A Lesson in Cooking Empathy

May 3, 2010 in Blog Recipes, Diabetic Menu Item, Mediterranean, Whole Grains by Joyce Bunderson

I’ve been doing a little genealogy lately. One of the things that I’ve learned about my ancestors (so far) is that none of them have come from Italy. If you’ll read this post you will probably verify that I don’t have a drop of Italian blood. My cousins’ Italian blood doesn’t seem to help me.

Most all the recipes that I create and post are made using skills that I’ve learned during my lifetime. Generally I’ve learned from reading and experimenting. I was never really taught much about cooking, never took any formal cooking classes, ……. Wait, wait,– I think I had a class in 7th grade that did something with cooking. I think maybe we chopped some lettuce and made a taco or something like that. I do remember watching my grandmother cook; one experience stands above the others. It was that she made kidney stew or something like that. Unfortunately, I was already old enough to know what the kidneys were involved in doing in the body, and watching her pour off a big pot of yellowish water kinda’ polished me off. That was one of the few things I remember not eating. Now I’m a very adventuresome eater – I’ll try almost anything, which is good because we’re going to China this year. But I’ll cut my inexperienced 14-year-old taste buds some slack for that long-ago cringing and say that adventure is great at any age.

So here’s where this post is going. Judy Ferril, a friend of mine from my high school, (just had my 46th high school graduation anniversary) wrote about making whole-wheat pizza. I asked her if she would publish her recipe for the Doctor Grandma’s readers. She’s a busy grandma, but did get it written up and sent it this week. Trying a pizza recipe for the first time and documenting it with words and photos is not so crazy to you, but to me it’s sticking my neck way, way out. I usually only post on recipes that I know how to make. But today, I’m going to try Judy’s pizza. I’m like a northern European-descent gringo. So here’s how my personal lesson in empathy will go; I’ll make her recipe (without the proper equipment) and zero pizza experience and skills. I’m promising myself to publish it, even if it’s a complete failure. To me this is a crash course in having lots of empathy for the readers who are learning to cook the same exact way that I did. The only difference is that I really try to have as many pictures as possible, so you can figure out the steps. Hopefully, this makes it easier to follow the written recipe steps.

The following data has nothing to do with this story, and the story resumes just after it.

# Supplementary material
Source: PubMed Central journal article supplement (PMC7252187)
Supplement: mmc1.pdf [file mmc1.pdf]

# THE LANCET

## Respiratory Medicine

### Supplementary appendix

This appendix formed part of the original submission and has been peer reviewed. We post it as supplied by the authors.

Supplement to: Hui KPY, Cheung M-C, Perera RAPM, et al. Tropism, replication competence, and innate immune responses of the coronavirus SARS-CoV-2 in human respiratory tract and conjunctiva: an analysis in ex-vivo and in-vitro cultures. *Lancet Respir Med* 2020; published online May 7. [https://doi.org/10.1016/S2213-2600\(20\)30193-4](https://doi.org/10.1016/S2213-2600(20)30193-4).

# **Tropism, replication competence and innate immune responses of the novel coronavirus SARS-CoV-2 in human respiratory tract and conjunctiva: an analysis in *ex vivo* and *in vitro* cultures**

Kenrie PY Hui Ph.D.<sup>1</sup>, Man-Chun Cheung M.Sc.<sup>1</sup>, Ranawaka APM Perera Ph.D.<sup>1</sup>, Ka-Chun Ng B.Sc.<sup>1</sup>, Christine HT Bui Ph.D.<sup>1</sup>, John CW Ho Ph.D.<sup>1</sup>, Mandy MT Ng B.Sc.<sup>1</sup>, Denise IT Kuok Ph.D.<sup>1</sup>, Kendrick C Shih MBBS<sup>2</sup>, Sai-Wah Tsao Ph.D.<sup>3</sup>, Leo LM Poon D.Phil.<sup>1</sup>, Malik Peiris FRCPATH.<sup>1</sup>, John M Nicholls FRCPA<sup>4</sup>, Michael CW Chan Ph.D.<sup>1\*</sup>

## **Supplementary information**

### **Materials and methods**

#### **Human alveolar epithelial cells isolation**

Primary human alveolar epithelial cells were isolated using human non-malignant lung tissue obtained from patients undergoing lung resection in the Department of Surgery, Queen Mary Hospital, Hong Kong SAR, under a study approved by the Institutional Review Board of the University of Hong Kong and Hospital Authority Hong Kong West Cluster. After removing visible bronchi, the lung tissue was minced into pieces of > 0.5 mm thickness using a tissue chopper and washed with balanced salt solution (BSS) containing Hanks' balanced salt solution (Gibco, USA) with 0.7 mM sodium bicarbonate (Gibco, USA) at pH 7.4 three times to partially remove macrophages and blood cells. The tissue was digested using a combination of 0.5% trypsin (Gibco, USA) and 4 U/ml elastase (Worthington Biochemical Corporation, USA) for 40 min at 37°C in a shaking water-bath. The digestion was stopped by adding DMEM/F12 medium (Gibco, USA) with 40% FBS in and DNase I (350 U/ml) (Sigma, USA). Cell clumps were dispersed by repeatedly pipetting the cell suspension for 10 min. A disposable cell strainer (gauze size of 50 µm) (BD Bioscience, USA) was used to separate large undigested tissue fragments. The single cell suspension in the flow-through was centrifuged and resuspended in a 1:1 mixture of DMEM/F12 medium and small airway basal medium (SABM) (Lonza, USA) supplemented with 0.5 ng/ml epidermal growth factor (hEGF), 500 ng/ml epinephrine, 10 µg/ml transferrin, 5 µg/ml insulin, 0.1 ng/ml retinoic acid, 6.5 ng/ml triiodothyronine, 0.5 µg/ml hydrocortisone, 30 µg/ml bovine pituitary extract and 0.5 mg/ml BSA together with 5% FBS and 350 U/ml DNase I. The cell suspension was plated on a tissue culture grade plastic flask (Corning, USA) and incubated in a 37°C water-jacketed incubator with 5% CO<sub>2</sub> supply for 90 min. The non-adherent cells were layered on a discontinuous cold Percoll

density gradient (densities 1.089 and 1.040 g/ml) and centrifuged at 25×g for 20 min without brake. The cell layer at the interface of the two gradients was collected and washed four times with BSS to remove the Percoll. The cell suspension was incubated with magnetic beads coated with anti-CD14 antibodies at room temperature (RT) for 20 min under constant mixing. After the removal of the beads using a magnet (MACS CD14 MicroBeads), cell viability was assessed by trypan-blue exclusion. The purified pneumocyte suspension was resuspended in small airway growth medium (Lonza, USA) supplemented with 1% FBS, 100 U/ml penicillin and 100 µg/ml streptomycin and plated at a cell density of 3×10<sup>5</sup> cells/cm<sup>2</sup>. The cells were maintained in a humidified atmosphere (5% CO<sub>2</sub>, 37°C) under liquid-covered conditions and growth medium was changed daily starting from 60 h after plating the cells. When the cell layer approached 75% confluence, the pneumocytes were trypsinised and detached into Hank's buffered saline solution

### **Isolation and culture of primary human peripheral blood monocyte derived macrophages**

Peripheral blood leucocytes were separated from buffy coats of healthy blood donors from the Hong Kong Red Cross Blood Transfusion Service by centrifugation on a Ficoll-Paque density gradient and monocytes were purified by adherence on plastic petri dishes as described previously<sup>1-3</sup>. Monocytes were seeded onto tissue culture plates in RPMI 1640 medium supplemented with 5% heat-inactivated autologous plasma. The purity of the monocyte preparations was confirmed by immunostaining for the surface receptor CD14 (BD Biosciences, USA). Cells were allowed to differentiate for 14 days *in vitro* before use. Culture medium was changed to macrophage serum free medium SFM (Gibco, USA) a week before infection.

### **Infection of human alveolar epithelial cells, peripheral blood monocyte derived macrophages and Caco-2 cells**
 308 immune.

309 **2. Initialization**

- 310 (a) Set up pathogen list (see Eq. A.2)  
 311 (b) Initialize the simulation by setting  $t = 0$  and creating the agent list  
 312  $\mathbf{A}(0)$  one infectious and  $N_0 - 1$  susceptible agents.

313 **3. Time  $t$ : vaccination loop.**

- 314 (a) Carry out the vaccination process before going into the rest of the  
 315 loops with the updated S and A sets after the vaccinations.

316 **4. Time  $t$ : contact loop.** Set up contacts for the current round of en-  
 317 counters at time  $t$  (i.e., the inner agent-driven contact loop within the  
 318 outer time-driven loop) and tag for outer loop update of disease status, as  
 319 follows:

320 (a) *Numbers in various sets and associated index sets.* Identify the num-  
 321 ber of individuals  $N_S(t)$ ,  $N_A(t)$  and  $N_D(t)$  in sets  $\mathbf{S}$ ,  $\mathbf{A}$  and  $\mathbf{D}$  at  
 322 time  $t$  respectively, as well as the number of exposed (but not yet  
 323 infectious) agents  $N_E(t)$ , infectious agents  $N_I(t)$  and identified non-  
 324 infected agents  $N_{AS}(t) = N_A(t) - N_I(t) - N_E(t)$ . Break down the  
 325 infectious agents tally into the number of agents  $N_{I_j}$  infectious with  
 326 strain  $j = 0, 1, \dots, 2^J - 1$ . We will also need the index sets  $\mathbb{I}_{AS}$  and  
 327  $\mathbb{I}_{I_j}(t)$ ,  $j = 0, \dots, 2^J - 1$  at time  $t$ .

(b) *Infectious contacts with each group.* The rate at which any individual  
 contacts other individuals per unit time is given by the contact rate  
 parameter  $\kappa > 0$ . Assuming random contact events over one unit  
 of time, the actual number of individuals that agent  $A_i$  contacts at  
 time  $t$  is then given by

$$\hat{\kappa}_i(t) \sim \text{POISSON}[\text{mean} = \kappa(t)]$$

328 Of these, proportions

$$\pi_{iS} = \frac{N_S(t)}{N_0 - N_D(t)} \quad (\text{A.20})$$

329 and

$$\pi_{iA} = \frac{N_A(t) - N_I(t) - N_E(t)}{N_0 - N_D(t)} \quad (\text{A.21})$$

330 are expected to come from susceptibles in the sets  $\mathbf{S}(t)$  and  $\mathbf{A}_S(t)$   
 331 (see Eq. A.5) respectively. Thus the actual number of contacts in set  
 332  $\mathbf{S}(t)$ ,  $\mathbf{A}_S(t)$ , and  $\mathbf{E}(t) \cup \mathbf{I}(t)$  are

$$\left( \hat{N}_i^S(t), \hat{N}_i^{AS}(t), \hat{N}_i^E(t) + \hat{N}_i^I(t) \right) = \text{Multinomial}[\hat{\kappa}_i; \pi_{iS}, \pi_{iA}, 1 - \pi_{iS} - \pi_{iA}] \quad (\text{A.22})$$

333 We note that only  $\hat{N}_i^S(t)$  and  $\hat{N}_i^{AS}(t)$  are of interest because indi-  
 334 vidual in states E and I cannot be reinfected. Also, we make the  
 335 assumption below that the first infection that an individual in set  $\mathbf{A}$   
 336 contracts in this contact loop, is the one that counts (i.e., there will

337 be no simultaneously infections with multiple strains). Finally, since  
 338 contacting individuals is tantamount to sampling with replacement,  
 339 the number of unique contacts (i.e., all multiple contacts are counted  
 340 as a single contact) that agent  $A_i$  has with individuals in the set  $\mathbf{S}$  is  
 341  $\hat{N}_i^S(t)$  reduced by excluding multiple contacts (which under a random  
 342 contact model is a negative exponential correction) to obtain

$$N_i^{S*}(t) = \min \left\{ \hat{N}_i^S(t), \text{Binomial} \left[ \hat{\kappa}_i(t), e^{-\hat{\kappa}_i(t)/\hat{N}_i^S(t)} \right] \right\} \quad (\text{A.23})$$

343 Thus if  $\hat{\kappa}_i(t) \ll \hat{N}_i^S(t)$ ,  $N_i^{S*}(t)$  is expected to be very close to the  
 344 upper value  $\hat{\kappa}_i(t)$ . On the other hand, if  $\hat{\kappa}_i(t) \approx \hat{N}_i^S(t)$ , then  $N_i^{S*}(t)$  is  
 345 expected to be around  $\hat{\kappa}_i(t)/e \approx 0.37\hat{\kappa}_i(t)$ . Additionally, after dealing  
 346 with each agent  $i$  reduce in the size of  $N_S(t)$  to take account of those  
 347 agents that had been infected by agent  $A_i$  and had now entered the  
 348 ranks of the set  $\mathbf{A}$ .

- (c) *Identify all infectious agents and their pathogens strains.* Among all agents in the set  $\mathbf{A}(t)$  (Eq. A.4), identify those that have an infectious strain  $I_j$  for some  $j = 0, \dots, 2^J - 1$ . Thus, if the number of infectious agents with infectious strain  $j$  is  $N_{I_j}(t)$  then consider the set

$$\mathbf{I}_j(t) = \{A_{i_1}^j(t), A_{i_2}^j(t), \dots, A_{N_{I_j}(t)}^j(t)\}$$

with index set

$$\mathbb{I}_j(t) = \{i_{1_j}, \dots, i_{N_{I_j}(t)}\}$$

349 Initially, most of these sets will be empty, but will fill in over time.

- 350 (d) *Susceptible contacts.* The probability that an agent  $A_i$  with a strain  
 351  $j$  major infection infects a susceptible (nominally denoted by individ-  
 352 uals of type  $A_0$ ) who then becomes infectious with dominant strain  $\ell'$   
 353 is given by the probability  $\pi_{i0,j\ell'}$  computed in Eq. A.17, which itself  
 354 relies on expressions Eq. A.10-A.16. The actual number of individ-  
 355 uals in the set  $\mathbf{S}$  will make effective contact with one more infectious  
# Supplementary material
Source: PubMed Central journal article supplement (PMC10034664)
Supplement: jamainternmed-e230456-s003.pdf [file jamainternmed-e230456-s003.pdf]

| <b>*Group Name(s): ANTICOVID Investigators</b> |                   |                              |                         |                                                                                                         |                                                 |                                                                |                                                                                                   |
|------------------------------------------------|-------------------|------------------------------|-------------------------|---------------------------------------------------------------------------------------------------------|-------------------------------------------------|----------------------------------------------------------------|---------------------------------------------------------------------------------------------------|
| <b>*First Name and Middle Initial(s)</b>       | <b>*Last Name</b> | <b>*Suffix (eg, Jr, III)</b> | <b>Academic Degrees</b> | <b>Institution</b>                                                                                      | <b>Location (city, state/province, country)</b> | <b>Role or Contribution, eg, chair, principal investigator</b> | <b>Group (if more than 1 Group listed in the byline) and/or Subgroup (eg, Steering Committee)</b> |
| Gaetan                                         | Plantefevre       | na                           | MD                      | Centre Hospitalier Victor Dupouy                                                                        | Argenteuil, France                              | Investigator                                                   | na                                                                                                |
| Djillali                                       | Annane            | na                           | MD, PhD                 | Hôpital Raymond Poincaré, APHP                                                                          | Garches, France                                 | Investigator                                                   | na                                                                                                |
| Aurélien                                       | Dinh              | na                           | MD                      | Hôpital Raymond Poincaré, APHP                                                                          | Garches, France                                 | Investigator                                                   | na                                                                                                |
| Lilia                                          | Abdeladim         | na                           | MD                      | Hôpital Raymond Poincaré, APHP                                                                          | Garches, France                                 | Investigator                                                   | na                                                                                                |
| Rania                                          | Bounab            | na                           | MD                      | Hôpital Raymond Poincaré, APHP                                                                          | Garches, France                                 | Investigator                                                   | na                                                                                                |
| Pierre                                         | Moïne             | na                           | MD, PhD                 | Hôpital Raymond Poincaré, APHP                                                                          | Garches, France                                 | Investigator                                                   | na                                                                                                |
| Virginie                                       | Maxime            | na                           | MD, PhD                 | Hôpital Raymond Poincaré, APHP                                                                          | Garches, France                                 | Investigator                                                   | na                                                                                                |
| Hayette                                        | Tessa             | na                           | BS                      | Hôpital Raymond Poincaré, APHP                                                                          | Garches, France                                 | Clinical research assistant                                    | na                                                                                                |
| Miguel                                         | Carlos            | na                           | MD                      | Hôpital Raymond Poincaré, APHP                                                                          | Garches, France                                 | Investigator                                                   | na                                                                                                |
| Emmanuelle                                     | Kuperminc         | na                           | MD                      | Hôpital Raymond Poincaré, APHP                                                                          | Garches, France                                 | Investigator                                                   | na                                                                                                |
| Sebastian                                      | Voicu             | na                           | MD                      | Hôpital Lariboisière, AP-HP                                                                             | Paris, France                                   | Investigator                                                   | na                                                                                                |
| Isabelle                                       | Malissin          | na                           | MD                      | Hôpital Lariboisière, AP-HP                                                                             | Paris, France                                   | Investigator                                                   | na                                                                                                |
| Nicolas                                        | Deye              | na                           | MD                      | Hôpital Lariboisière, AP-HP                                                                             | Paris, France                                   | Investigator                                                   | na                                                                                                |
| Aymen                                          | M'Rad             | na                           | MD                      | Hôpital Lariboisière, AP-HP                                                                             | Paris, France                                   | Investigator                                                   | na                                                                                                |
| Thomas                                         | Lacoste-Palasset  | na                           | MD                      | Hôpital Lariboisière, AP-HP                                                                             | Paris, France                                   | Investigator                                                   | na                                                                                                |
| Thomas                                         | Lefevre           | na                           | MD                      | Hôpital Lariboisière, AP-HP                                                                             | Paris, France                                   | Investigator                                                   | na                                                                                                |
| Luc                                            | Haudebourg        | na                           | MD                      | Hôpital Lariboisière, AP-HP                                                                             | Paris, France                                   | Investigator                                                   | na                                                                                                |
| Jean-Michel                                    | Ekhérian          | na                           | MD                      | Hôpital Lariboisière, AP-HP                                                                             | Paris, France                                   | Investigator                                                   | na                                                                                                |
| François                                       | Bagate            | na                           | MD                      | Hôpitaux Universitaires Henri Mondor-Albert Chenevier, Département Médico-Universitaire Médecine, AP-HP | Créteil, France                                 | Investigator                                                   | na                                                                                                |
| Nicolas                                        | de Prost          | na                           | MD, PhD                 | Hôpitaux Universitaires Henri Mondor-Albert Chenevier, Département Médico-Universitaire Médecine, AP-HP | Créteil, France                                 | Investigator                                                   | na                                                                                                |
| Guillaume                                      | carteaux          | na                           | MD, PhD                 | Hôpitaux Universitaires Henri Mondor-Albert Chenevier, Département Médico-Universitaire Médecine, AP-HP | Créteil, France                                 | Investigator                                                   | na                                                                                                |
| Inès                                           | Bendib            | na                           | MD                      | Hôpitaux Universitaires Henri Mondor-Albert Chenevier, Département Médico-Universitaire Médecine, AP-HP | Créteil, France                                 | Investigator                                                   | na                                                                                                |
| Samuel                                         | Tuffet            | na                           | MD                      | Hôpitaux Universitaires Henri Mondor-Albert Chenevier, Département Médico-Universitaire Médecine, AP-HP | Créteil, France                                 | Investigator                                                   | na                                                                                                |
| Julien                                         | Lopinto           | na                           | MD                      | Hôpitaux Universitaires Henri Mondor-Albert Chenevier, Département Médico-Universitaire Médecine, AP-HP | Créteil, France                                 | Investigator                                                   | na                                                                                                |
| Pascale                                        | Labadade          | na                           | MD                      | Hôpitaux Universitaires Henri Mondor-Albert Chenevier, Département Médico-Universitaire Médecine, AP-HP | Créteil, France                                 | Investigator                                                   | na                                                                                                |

One reason that I have never learned to make pizza is that pizza is junk food in my mind – white flour and loaded with saturated fat from cheese and maybe some sausage too. But Judy helped me take the first step in changing that mental view by sending the recipe for whole-wheat dough. She didn’t send the instructions for toppings etc, so I guess I’m going to make something that I would feel good both about serving to Dr. Grandpa (diabetic friendly menu item) and eating myself. Here’s a little ironic twist on myself:  Despite how far it has gone into refined white flours and saturated fats in recent years, pizza was a staple in the Mediterranean diet in the 1950s to the 1970s when the people who ate it were designated the most healthy in the world.  I like to take well-loved meals that are or have become very unhealthy and give them a whole-grain and healthy fat low-fat-and-low-salt twist.  Keep them yummy, at least for taste buds that each of us can reclaim from the food seductions of salt, fat, and sugar.  Judy’s pizza dough recipe does that, so here’s to reclaiming pizza (made differently) from the unhealthy, fattening food category. That lofty goal goes far beyond this little experiment in empathy, but we can only take one step at a time, and I’m sure some of you out there can do better.